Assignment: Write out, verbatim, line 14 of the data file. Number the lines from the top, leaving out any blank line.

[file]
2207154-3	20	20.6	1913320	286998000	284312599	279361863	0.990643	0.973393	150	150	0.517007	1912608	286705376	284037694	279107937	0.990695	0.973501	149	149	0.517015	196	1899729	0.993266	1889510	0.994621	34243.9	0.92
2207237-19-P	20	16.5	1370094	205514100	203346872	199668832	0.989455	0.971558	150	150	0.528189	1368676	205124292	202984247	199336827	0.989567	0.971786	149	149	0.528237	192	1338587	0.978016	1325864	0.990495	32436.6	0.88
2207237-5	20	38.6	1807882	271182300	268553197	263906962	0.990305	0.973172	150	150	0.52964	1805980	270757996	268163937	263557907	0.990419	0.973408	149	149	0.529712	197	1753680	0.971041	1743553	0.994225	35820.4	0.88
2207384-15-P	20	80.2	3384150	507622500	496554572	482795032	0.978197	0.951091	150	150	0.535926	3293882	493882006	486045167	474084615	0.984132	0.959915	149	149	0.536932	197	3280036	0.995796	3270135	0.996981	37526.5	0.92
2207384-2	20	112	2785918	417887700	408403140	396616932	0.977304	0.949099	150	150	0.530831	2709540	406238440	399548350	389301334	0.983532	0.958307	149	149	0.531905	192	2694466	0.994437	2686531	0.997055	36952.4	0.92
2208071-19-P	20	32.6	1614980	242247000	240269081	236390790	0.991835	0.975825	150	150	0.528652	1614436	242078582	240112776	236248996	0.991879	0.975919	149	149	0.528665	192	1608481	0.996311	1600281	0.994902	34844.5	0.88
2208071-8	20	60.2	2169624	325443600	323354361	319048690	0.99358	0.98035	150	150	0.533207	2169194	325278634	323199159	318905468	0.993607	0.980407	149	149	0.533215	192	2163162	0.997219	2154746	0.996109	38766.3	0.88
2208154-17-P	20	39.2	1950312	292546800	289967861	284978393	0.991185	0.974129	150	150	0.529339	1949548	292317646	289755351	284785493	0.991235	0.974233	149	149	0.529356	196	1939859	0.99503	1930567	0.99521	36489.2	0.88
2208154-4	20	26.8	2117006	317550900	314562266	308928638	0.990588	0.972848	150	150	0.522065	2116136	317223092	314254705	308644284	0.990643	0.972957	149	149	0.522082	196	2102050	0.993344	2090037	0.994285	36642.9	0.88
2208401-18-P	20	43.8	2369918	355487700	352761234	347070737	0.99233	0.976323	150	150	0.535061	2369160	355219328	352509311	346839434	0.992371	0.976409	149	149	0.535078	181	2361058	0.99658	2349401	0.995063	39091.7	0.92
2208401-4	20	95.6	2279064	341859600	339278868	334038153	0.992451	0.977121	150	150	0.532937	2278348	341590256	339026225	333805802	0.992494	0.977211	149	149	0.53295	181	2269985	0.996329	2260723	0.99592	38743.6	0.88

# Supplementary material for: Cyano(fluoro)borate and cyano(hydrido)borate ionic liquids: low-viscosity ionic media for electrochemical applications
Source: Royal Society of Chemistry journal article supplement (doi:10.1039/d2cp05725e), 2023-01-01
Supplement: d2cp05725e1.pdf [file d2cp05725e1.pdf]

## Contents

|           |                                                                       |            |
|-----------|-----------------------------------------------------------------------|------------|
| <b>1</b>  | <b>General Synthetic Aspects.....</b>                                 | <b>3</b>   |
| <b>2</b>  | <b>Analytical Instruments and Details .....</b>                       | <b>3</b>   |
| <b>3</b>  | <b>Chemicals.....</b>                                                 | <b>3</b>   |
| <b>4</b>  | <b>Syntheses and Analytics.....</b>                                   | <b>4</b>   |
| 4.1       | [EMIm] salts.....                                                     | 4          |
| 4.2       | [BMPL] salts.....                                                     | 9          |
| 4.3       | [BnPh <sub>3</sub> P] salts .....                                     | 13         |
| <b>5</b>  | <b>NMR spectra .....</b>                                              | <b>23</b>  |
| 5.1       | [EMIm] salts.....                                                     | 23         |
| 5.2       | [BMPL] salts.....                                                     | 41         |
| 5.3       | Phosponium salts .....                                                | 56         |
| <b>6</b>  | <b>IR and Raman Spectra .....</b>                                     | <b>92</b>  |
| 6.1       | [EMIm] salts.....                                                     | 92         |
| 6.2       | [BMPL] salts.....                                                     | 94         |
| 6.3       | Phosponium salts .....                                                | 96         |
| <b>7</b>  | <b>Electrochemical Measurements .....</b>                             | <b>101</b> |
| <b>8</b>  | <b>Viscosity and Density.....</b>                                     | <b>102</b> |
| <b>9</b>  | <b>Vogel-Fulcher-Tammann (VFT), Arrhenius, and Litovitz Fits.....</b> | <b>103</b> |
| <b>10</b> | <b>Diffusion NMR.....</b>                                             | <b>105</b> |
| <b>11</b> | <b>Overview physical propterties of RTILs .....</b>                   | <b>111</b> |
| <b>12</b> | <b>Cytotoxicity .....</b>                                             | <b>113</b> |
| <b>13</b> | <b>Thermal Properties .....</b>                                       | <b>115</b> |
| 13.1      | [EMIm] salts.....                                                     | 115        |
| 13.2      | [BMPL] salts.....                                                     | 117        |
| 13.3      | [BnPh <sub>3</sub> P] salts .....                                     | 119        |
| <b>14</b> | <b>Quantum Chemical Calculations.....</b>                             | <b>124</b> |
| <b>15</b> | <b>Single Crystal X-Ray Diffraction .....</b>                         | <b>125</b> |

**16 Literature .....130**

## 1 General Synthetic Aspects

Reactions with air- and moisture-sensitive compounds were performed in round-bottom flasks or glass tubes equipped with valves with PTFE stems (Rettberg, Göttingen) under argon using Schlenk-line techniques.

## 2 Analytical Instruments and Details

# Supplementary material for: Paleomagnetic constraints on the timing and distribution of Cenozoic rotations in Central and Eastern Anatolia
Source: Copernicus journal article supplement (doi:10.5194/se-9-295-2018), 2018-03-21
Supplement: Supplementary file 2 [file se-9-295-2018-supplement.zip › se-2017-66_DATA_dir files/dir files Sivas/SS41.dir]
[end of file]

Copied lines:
Supplement: d2cp05725e1.pdf [file d2cp05725e1.pdf]